Should International Law Overrule American Law?

Atlantic Legal, working with co-counsel Pacific Legal Foundation, filed an amicus brief in support of the United States in Beharry v. Reno. Donald Beharry is a convicted felon (for burglary and armed robbery) who held a green card. Pursuant to statute, the Immigration and Naturalization Service ordered him deported. Beharry sought a "hardship exemption" because his daughter, now 8 years old, was born in the U.S. and thus is a citizen. The exemption was denied on the grounds that Beharry’s claim does not fall within any of the statutory exemption categories because he was convicted of an "aggravated felony." Beharry petitioned for a writ of habeas corpus in the U.S. District Court for the Eastern District of New York. Judge Jack Weinstein granted the petition and, while acknowledging that the U.S. statutes do not provide for an exemption in this case and that he was making new law, decided that "customary international humanitarian law," including treaties and conventions to which the U.S. is not a party, or which have not been ratified, "overrides" U.S. statutory law, and that "in the interests of the child," Beharry should be permitted to have a "discretionary hearing" on his claim for a waiver of deportation on "compassionate grounds." Atlantic Legal and PLF argued in their amicus brief that even if "customary international law" is part of "federal common law" it does not override clear statutory provisions, and that the district court also overreached its constitutional authority essentially supplanting the judgment of Congress by using "customary international law" to "interpret" an unambiguous federal statute.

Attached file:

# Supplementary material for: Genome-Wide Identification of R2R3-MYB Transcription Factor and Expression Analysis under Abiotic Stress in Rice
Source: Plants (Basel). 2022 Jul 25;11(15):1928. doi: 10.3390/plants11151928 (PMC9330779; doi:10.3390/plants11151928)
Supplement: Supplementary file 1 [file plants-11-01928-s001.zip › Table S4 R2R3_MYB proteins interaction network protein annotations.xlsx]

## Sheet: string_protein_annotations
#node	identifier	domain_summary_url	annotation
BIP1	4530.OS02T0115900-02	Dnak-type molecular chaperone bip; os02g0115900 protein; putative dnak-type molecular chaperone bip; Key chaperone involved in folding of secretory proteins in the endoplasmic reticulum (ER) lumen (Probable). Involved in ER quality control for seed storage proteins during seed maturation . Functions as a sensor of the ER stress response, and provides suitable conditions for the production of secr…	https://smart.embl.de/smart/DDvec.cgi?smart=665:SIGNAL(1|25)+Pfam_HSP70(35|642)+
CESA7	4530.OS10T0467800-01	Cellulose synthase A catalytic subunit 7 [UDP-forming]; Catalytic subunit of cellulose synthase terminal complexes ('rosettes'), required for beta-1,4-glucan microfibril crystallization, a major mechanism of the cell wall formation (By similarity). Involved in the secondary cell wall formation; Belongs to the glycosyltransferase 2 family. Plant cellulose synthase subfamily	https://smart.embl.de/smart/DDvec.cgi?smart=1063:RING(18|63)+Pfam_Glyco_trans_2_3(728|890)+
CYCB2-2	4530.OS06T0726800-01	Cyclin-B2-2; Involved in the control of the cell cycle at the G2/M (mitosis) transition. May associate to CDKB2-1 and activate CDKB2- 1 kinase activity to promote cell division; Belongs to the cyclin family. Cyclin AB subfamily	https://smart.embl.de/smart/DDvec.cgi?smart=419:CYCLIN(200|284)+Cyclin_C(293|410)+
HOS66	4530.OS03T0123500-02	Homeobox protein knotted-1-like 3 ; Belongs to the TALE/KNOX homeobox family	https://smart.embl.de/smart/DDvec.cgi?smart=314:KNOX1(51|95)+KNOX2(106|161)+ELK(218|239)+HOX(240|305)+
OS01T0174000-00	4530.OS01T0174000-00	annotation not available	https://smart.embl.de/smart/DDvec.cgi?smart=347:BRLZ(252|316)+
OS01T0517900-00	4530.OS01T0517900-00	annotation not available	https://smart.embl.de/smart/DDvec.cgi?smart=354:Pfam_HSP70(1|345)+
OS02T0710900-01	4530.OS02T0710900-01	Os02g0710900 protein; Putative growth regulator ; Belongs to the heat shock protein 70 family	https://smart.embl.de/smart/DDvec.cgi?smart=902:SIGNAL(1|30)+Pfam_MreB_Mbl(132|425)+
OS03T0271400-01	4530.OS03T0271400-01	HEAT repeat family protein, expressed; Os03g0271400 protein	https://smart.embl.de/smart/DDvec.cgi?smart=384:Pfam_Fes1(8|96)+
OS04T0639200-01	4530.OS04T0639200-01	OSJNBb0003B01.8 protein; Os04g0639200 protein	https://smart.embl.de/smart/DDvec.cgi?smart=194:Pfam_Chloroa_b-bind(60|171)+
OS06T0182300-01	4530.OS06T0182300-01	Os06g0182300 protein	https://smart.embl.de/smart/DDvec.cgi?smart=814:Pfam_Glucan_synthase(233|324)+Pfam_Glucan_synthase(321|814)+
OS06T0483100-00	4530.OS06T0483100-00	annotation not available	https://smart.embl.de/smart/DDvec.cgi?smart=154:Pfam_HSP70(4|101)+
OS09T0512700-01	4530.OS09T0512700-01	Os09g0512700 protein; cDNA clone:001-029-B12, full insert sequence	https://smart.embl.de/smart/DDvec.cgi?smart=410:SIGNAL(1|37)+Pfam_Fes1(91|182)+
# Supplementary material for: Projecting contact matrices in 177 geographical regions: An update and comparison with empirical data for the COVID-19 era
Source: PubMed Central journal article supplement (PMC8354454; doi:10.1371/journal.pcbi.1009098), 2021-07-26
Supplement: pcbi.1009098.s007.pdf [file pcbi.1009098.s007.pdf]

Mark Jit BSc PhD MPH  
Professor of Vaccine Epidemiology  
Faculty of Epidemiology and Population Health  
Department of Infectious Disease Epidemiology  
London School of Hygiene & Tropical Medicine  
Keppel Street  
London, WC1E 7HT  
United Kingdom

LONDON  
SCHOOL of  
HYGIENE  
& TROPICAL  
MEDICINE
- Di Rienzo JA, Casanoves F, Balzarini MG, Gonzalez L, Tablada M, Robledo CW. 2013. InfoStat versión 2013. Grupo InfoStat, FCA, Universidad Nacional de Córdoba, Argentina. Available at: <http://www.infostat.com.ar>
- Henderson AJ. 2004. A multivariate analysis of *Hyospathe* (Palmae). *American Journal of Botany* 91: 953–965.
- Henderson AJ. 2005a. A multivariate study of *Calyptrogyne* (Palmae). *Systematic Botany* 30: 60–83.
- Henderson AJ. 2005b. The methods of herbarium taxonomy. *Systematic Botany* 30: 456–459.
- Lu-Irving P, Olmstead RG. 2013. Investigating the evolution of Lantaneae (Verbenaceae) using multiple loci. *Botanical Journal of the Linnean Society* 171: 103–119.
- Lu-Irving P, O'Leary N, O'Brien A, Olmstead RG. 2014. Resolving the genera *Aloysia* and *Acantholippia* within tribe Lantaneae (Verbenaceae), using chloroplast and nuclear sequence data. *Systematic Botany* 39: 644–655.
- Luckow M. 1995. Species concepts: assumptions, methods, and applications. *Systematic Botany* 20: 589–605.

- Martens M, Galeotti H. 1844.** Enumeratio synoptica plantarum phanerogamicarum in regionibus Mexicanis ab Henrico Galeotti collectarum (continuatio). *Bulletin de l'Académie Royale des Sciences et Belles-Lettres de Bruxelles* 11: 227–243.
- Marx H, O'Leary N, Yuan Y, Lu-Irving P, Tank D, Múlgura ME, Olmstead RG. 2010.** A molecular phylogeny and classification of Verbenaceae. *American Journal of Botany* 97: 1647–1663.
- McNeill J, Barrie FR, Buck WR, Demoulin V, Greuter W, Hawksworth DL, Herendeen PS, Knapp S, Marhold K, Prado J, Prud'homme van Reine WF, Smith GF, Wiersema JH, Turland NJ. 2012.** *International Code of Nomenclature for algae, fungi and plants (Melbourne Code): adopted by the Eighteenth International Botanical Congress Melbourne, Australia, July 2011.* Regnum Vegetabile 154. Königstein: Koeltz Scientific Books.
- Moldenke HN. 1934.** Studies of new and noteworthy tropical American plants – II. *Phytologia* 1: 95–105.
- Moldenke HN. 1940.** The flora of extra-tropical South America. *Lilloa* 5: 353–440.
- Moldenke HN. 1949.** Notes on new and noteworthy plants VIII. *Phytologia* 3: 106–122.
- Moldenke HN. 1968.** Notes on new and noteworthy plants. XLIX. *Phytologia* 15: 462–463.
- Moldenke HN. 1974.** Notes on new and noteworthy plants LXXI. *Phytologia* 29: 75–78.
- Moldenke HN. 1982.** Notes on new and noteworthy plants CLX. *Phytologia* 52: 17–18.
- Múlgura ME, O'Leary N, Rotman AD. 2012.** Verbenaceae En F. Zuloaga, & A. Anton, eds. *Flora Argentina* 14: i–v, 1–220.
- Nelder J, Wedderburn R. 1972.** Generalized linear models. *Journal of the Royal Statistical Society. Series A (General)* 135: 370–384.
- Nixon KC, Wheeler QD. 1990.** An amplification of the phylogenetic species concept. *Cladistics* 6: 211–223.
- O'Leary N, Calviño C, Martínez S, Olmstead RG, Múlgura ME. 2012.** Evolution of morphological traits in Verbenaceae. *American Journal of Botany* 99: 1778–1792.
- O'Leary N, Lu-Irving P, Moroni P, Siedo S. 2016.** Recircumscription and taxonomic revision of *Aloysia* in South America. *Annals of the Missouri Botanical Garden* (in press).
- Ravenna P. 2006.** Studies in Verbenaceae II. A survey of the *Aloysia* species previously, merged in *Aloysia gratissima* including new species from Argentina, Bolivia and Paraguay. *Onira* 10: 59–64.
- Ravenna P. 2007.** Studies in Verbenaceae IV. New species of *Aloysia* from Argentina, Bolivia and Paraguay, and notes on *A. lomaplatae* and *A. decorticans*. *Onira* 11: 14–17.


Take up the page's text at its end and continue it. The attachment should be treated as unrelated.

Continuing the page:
In deciding the case, now entitled Beharry v. Ashcroft, in May 2003, the Second Circuit Court of Appeals reached the right result, reversing the district court’s decision and dismissing the petition on the basis that Beharry had not exhausted his administrative remedies, but largely sidestepped the crucial issue briefed by Atlantic Legal and PLF. But, the court did observe that,

"Nothing in our decision to reverse on other grounds the judgment of the district court should be seen as an endorsement of the district court’s holding that interpretation of the INA [the Immigration and Naturalization Act] in this case is influenced or controlled by international law."

At the least this egregious example of judge-made law was voided. For our part, Atlantic Legal’s fight to preserve our nation’s sovereignty and constitutional form of government continues.